Understanding and teaching pronunciation has been controversial in TESOL for many years. At one time, pronunciation was taught in a high bottom-up behavioristic manner. Students were drilled until they had the appropriate “accent” (American, British, Australian, etc.). To be understood meant capturing one of the established accents.
Now there is more of an emphasis on top-down features such as stress, tone, and rhythm. There is now an emphasis on being more non-directive and focus not on the sounds being generated by the student but the comprehensibility of what they say.
This post will explain several common factors that influence pronunciation. These common factors include
- Motivation & Attitude
- Age & Exposure
- Native language
- Natural ability
Motivation & Language Ego
For many people, it’s hard to get something done when they don’t care. Excellent pronunciation is often affected by motivation. If the student does not care they will probably not improve much. This is particularly true when the student reaches a level where people can understand them. Once they are comprehensible many students lose interests in further pronunciation development
Fortunately, a teacher can use various strategies to motivate students to focus on improving their pronunciation. Creating relevance is one way in which students intrinsic motivation can be developed.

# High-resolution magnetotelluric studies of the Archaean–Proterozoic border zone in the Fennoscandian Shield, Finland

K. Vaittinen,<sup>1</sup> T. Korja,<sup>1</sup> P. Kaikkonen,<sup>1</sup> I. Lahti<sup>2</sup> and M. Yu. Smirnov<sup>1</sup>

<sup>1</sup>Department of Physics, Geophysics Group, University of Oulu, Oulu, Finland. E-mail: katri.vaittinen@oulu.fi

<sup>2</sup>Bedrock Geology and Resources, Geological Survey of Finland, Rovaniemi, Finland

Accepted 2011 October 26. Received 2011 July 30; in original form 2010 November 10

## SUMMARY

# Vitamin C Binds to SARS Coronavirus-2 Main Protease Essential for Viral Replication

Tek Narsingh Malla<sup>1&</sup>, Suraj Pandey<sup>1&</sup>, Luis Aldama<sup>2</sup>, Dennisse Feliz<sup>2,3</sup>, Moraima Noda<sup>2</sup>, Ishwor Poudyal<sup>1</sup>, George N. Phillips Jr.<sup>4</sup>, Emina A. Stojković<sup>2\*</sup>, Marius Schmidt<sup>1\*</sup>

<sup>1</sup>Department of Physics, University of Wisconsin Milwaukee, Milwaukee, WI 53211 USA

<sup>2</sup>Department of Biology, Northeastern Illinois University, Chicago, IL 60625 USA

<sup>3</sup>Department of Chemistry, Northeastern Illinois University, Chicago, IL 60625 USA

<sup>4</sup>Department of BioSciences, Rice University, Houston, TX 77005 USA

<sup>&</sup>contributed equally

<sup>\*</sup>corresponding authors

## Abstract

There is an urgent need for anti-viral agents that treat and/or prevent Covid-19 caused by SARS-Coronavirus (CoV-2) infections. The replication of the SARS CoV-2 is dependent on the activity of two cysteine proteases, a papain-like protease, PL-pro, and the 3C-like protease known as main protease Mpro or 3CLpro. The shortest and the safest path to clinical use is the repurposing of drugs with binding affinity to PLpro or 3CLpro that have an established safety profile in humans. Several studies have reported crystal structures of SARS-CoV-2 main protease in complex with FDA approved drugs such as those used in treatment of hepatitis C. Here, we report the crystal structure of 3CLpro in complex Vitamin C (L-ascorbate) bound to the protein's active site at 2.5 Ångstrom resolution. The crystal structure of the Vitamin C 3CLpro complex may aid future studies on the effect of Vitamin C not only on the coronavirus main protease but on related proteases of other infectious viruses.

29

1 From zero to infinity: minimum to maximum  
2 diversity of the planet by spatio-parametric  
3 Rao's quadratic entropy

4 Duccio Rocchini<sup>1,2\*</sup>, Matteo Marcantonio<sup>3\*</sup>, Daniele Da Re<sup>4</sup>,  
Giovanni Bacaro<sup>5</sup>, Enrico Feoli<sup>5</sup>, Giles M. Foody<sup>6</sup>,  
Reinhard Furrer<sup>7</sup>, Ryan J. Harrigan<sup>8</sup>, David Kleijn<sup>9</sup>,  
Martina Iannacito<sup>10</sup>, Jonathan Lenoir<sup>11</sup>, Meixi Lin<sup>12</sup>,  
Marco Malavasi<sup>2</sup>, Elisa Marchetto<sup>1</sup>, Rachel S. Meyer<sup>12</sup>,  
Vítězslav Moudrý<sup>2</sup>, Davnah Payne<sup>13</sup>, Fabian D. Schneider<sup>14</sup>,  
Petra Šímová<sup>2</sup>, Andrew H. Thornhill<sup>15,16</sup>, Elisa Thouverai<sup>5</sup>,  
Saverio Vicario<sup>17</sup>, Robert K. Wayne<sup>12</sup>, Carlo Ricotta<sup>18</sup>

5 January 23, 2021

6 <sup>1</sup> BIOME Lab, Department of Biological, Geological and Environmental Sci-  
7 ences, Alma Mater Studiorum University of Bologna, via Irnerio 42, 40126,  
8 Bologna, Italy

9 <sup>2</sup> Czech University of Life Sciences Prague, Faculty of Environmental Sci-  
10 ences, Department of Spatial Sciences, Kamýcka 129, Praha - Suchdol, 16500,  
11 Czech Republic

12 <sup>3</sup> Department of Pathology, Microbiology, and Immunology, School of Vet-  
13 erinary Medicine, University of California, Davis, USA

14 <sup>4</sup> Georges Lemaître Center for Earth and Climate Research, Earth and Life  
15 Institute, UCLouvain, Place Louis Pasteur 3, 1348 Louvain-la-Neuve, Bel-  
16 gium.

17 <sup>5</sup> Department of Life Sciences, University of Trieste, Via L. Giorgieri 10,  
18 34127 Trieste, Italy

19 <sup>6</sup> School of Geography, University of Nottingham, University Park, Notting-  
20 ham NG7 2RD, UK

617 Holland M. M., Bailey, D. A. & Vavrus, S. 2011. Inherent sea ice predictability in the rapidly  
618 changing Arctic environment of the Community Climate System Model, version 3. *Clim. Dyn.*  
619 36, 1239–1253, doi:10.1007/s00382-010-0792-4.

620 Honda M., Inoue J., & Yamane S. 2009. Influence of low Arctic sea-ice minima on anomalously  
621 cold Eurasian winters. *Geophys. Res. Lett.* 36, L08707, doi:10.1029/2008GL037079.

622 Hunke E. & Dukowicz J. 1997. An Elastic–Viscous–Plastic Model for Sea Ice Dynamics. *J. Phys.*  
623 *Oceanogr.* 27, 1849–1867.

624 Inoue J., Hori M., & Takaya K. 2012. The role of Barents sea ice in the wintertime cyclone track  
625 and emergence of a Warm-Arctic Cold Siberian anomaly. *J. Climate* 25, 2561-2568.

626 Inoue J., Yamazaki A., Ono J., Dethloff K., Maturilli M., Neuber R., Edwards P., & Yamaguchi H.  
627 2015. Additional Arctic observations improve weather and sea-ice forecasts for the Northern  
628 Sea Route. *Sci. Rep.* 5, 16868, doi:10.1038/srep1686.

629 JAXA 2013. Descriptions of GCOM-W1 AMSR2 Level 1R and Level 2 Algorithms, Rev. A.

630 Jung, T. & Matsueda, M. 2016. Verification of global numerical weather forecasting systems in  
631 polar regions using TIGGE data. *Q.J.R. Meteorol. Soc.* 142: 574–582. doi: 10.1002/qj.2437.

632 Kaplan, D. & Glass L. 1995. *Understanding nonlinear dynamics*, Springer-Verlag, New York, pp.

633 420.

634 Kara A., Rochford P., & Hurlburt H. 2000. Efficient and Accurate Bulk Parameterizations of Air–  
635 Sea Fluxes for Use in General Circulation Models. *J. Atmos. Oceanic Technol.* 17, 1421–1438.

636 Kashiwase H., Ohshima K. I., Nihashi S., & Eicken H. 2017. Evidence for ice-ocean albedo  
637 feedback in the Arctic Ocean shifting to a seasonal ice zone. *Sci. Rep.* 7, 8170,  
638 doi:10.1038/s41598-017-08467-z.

Attitude is closely related to motivation. If the students have negative views of the target language and are worried that learning the target language is a cultural threat this will make language acquisition difficult. Students need to understand that language learning does involve learning of the culture of the target language.
Age & Exposure
Younger students, especially 1-12 years of age, have the best chance at developing native-like pronunciation. If the student is older they will almost always retain an “accent.” However, fluency and accuracy can achieve the same levels regards of the initial age at which language study began.
Exposure is closely related to age. The more authentic experiences that a student has with the language the better their pronunciation normally is. The quality of the exposure is the naturalness of the setting and the actual engagement of the student in hearing and interacting with the language.
For example, an ESL student who lives in America will probably have much more exposure to the actual use of English than someone in China. This, in turn, will impact their pronunciation.
The similarities between the mother tongue and the target language can influence pronunciation. For example, it is much easier to move from Spanish to English pronunciation than from Chinese to English.
For the teacher, understanding the sound system’s of your students’ languages can help a great deal in helping them with difficulties in pronunciation.
Lastly, some just get it while others don’t. Different students have varying ability to pick up the sounds of another language. A way around this is helping students to know their own strengths and weaknesses. This will allow them to develop strategies to improve.
Whatever your position on pronunciation. There are ways to improve your students’ pronunciation if you are familiar with what influences it. The examples in this post provided some basic insight into what affects this.